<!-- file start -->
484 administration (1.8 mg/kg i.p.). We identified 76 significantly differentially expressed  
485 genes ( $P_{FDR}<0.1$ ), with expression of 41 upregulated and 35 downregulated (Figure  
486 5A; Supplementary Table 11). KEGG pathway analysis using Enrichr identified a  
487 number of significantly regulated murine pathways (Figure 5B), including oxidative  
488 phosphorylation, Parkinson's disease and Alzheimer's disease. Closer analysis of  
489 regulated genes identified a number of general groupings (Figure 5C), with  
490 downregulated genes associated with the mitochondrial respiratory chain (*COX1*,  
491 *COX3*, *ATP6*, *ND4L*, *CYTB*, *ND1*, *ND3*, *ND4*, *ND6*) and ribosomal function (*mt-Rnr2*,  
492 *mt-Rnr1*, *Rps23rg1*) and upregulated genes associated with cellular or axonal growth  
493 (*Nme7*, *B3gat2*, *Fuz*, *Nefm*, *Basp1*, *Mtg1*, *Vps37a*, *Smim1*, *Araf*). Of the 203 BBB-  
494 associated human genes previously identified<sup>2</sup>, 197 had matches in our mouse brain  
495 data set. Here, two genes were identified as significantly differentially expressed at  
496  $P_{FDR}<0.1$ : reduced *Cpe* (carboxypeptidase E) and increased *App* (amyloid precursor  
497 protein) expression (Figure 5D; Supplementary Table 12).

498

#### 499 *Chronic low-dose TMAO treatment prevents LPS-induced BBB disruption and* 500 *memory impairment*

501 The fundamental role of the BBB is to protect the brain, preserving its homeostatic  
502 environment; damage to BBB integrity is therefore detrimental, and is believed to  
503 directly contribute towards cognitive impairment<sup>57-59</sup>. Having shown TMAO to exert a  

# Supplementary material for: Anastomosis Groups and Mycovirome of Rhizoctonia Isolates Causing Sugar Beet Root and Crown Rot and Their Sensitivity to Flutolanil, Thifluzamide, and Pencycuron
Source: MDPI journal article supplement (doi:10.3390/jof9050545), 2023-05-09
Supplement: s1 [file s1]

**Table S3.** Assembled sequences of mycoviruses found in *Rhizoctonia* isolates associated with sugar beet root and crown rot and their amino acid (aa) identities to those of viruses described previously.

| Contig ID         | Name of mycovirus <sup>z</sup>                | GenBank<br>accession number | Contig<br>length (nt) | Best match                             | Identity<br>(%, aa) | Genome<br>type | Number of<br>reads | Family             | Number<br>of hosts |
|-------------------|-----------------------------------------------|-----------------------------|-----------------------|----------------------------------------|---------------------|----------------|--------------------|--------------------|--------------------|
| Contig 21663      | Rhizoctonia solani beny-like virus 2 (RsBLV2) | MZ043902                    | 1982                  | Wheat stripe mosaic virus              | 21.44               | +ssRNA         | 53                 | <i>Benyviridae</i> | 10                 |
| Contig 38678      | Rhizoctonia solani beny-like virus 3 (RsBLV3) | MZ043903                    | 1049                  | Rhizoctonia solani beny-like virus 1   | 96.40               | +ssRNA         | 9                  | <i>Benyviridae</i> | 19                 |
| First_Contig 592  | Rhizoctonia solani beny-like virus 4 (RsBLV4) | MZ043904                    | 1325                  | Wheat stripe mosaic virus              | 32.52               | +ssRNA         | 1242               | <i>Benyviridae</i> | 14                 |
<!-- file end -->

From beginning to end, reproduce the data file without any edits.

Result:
484 administration (1.8 mg/kg i.p.). We identified 76 significantly differentially expressed  
485 genes ( $P_{FDR}<0.1$ ), with expression of 41 upregulated and 35 downregulated (Figure  
486 5A; Supplementary Table 11). KEGG pathway analysis using Enrichr identified a  
487 number of significantly regulated murine pathways (Figure 5B), including oxidative  
488 phosphorylation, Parkinson's disease and Alzheimer's disease. Closer analysis of  
489 regulated genes identified a number of general groupings (Figure 5C), with  
490 downregulated genes associated with the mitochondrial respiratory chain (*COX1*,  
491 *COX3*, *ATP6*, *ND4L*, *CYTB*, *ND1*, *ND3*, *ND4*, *ND6*) and ribosomal function (*mt-Rnr2*,  
492 *mt-Rnr1*, *Rps23rg1*) and upregulated genes associated with cellular or axonal growth  
493 (*Nme7*, *B3gat2*, *Fuz*, *Nefm*, *Basp1*, *Mtg1*, *Vps37a*, *Smim1*, *Araf*). Of the 203 BBB-  
494 associated human genes previously identified<sup>2</sup>, 197 had matches in our mouse brain  
495 data set. Here, two genes were identified as significantly differentially expressed at  
496  $P_{FDR}<0.1$ : reduced *Cpe* (carboxypeptidase E) and increased *App* (amyloid precursor  
497 protein) expression (Figure 5D; Supplementary Table 12).

498

#### 499 *Chronic low-dose TMAO treatment prevents LPS-induced BBB disruption and* 500 *memory impairment*

501 The fundamental role of the BBB is to protect the brain, preserving its homeostatic  
502 environment; damage to BBB integrity is therefore detrimental, and is believed to  
503 directly contribute towards cognitive impairment<sup>57-59</sup>. Having shown TMAO to exert a  

# Supplementary material for: Anastomosis Groups and Mycovirome of Rhizoctonia Isolates Causing Sugar Beet Root and Crown Rot and Their Sensitivity to Flutolanil, Thifluzamide, and Pencycuron
Source: MDPI journal article supplement (doi:10.3390/jof9050545), 2023-05-09
Supplement: s1 [file s1]

**Table S3.** Assembled sequences of mycoviruses found in *Rhizoctonia* isolates associated with sugar beet root and crown rot and their amino acid (aa) identities to those of viruses described previously.

| Contig ID         | Name of mycovirus <sup>z</sup>                | GenBank<br>accession number | Contig<br>length (nt) | Best match                             | Identity<br>(%, aa) | Genome<br>type | Number of<br>reads | Family             | Number<br>of hosts |
|-------------------|-----------------------------------------------|-----------------------------|-----------------------|----------------------------------------|---------------------|----------------|--------------------|--------------------|--------------------|
| Contig 21663      | Rhizoctonia solani beny-like virus 2 (RsBLV2) | MZ043902                    | 1982                  | Wheat stripe mosaic virus              | 21.44               | +ssRNA         | 53                 | <i>Benyviridae</i> | 10                 |
| Contig 38678      | Rhizoctonia solani beny-like virus 3 (RsBLV3) | MZ043903                    | 1049                  | Rhizoctonia solani beny-like virus 1   | 96.40               | +ssRNA         | 9                  | <i>Benyviridae</i> | 19                 |
| First_Contig 592  | Rhizoctonia solani beny-like virus 4 (RsBLV4) | MZ043904                    | 1325                  | Wheat stripe mosaic virus              | 32.52               | +ssRNA         | 1242               | <i>Benyviridae</i> | 14                 |